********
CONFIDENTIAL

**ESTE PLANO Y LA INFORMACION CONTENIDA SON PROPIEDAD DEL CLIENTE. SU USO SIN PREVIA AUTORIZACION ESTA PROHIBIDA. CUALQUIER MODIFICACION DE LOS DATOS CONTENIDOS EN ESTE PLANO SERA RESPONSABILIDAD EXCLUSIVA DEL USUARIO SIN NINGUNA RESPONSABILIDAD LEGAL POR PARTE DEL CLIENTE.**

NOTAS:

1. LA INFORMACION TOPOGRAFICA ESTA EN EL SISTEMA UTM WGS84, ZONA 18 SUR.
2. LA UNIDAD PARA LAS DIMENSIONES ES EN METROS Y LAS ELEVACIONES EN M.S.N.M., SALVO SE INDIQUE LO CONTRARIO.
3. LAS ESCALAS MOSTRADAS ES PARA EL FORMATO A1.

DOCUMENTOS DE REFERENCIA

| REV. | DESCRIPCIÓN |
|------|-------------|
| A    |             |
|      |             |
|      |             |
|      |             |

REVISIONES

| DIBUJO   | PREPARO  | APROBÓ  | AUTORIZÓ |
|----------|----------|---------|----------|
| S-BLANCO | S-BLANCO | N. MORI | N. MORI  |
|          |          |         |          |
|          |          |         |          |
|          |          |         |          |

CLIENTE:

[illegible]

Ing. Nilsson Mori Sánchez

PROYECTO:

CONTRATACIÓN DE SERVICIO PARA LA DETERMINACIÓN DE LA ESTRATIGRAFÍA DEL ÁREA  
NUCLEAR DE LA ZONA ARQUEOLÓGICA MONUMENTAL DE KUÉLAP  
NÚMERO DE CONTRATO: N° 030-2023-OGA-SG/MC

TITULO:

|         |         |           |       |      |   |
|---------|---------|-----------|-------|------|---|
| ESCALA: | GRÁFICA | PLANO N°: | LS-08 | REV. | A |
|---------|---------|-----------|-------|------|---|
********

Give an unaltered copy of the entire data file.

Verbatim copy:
CONFIDENTIAL

**ESTE PLANO Y LA INFORMACION CONTENIDA SON PROPIEDAD DEL CLIENTE. SU USO SIN PREVIA AUTORIZACION ESTA PROHIBIDA. CUALQUIER MODIFICACION DE LOS DATOS CONTENIDOS EN ESTE PLANO SERA RESPONSABILIDAD EXCLUSIVA DEL USUARIO SIN NINGUNA RESPONSABILIDAD LEGAL POR PARTE DEL CLIENTE.**

NOTAS:

1. LA INFORMACION TOPOGRAFICA ESTA EN EL SISTEMA UTM WGS84, ZONA 18 SUR.
2. LA UNIDAD PARA LAS DIMENSIONES ES EN METROS Y LAS ELEVACIONES EN M.S.N.M., SALVO SE INDIQUE LO CONTRARIO.
3. LAS ESCALAS MOSTRADAS ES PARA EL FORMATO A1.

DOCUMENTOS DE REFERENCIA

| REV. | DESCRIPCIÓN |
|------|-------------|
| A    |             |
|      |             |
|      |             |
|      |             |

REVISIONES

| DIBUJO   | PREPARO  | APROBÓ  | AUTORIZÓ |
|----------|----------|---------|----------|
| S-BLANCO | S-BLANCO | N. MORI | N. MORI  |
|          |          |         |          |
|          |          |         |          |
|          |          |         |          |

CLIENTE:

[illegible]

Ing. Nilsson Mori Sánchez

PROYECTO:

CONTRATACIÓN DE SERVICIO PARA LA DETERMINACIÓN DE LA ESTRATIGRAFÍA DEL ÁREA  
NUCLEAR DE LA ZONA ARQUEOLÓGICA MONUMENTAL DE KUÉLAP  
NÚMERO DE CONTRATO: N° 030-2023-OGA-SG/MC

TITULO:

|         |         |           |       |      |   |
|---------|---------|-----------|-------|------|---|
| ESCALA: | GRÁFICA | PLANO N°: | LS-08 | REV. | A |
|---------|---------|-----------|-------|------|---|